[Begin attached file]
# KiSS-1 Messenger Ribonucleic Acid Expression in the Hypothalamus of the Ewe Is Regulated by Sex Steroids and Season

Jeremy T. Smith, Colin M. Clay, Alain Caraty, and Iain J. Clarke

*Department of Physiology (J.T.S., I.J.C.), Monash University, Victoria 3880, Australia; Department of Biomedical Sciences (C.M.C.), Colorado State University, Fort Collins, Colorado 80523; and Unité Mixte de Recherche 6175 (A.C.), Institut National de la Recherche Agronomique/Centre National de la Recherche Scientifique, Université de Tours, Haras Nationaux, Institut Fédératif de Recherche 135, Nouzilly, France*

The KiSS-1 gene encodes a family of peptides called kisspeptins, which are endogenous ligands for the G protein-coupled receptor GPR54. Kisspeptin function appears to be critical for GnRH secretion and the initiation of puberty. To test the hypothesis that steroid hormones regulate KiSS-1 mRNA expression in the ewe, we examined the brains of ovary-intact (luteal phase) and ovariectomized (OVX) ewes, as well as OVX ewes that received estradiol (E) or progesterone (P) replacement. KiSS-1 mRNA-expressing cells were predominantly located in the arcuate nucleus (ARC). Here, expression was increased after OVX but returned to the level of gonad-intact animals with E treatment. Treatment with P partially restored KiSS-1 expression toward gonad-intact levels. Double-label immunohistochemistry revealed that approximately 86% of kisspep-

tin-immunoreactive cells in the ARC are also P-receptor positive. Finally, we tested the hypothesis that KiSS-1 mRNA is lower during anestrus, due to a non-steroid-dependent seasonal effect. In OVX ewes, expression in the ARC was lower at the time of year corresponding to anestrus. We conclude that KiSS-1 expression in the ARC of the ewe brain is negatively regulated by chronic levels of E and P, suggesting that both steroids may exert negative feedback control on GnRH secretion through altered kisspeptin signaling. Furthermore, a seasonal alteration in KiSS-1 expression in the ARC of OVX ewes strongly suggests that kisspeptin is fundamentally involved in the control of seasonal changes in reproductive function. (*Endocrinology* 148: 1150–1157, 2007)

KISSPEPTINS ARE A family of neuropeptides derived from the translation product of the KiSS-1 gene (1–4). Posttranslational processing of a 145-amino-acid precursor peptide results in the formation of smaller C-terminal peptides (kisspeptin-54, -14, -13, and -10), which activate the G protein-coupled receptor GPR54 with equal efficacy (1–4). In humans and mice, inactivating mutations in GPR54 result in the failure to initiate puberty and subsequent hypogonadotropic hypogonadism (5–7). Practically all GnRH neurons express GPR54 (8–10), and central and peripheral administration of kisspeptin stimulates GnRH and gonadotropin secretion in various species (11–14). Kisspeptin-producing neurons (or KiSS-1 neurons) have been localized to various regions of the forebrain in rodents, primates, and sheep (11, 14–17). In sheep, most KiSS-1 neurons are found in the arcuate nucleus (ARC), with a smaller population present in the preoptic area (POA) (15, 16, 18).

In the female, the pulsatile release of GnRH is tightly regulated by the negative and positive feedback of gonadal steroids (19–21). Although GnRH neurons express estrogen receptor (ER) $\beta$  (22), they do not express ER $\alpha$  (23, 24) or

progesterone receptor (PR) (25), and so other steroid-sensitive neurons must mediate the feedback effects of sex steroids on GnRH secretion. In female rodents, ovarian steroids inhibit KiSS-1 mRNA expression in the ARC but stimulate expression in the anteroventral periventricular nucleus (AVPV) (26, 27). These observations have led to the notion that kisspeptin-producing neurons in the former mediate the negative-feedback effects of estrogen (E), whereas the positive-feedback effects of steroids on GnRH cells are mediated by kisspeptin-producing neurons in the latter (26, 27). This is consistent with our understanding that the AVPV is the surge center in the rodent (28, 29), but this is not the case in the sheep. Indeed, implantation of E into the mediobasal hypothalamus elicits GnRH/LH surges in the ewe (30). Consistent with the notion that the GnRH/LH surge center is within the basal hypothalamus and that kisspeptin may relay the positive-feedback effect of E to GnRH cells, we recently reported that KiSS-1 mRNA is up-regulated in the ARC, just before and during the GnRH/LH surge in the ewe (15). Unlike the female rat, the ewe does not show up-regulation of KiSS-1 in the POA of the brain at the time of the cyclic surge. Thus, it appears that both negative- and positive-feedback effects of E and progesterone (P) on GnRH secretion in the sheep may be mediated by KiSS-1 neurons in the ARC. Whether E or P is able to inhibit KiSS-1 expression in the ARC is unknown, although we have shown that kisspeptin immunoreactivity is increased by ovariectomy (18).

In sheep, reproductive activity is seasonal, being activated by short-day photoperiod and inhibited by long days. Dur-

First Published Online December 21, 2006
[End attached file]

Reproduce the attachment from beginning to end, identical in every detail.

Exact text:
# KiSS-1 Messenger Ribonucleic Acid Expression in the Hypothalamus of the Ewe Is Regulated by Sex Steroids and Season

Jeremy T. Smith, Colin M. Clay, Alain Caraty, and Iain J. Clarke

*Department of Physiology (J.T.S., I.J.C.), Monash University, Victoria 3880, Australia; Department of Biomedical Sciences (C.M.C.), Colorado State University, Fort Collins, Colorado 80523; and Unité Mixte de Recherche 6175 (A.C.), Institut National de la Recherche Agronomique/Centre National de la Recherche Scientifique, Université de Tours, Haras Nationaux, Institut Fédératif de Recherche 135, Nouzilly, France*

The KiSS-1 gene encodes a family of peptides called kisspeptins, which are endogenous ligands for the G protein-coupled receptor GPR54. Kisspeptin function appears to be critical for GnRH secretion and the initiation of puberty. To test the hypothesis that steroid hormones regulate KiSS-1 mRNA expression in the ewe, we examined the brains of ovary-intact (luteal phase) and ovariectomized (OVX) ewes, as well as OVX ewes that received estradiol (E) or progesterone (P) replacement. KiSS-1 mRNA-expressing cells were predominantly located in the arcuate nucleus (ARC). Here, expression was increased after OVX but returned to the level of gonad-intact animals with E treatment. Treatment with P partially restored KiSS-1 expression toward gonad-intact levels. Double-label immunohistochemistry revealed that approximately 86% of kisspep-

tin-immunoreactive cells in the ARC are also P-receptor positive. Finally, we tested the hypothesis that KiSS-1 mRNA is lower during anestrus, due to a non-steroid-dependent seasonal effect. In OVX ewes, expression in the ARC was lower at the time of year corresponding to anestrus. We conclude that KiSS-1 expression in the ARC of the ewe brain is negatively regulated by chronic levels of E and P, suggesting that both steroids may exert negative feedback control on GnRH secretion through altered kisspeptin signaling. Furthermore, a seasonal alteration in KiSS-1 expression in the ARC of OVX ewes strongly suggests that kisspeptin is fundamentally involved in the control of seasonal changes in reproductive function. (*Endocrinology* 148: 1150–1157, 2007)

KISSPEPTINS ARE A family of neuropeptides derived from the translation product of the KiSS-1 gene (1–4). Posttranslational processing of a 145-amino-acid precursor peptide results in the formation of smaller C-terminal peptides (kisspeptin-54, -14, -13, and -10), which activate the G protein-coupled receptor GPR54 with equal efficacy (1–4). In humans and mice, inactivating mutations in GPR54 result in the failure to initiate puberty and subsequent hypogonadotropic hypogonadism (5–7). Practically all GnRH neurons express GPR54 (8–10), and central and peripheral administration of kisspeptin stimulates GnRH and gonadotropin secretion in various species (11–14). Kisspeptin-producing neurons (or KiSS-1 neurons) have been localized to various regions of the forebrain in rodents, primates, and sheep (11, 14–17). In sheep, most KiSS-1 neurons are found in the arcuate nucleus (ARC), with a smaller population present in the preoptic area (POA) (15, 16, 18).

In the female, the pulsatile release of GnRH is tightly regulated by the negative and positive feedback of gonadal steroids (19–21). Although GnRH neurons express estrogen receptor (ER) $\beta$  (22), they do not express ER $\alpha$  (23, 24) or

progesterone receptor (PR) (25), and so other steroid-sensitive neurons must mediate the feedback effects of sex steroids on GnRH secretion. In female rodents, ovarian steroids inhibit KiSS-1 mRNA expression in the ARC but stimulate expression in the anteroventral periventricular nucleus (AVPV) (26, 27). These observations have led to the notion that kisspeptin-producing neurons in the former mediate the negative-feedback effects of estrogen (E), whereas the positive-feedback effects of steroids on GnRH cells are mediated by kisspeptin-producing neurons in the latter (26, 27). This is consistent with our understanding that the AVPV is the surge center in the rodent (28, 29), but this is not the case in the sheep. Indeed, implantation of E into the mediobasal hypothalamus elicits GnRH/LH surges in the ewe (30). Consistent with the notion that the GnRH/LH surge center is within the basal hypothalamus and that kisspeptin may relay the positive-feedback effect of E to GnRH cells, we recently reported that KiSS-1 mRNA is up-regulated in the ARC, just before and during the GnRH/LH surge in the ewe (15). Unlike the female rat, the ewe does not show up-regulation of KiSS-1 in the POA of the brain at the time of the cyclic surge. Thus, it appears that both negative- and positive-feedback effects of E and progesterone (P) on GnRH secretion in the sheep may be mediated by KiSS-1 neurons in the ARC. Whether E or P is able to inhibit KiSS-1 expression in the ARC is unknown, although we have shown that kisspeptin immunoreactivity is increased by ovariectomy (18).

In sheep, reproductive activity is seasonal, being activated by short-day photoperiod and inhibited by long days. Dur-

First Published Online December 21, 2006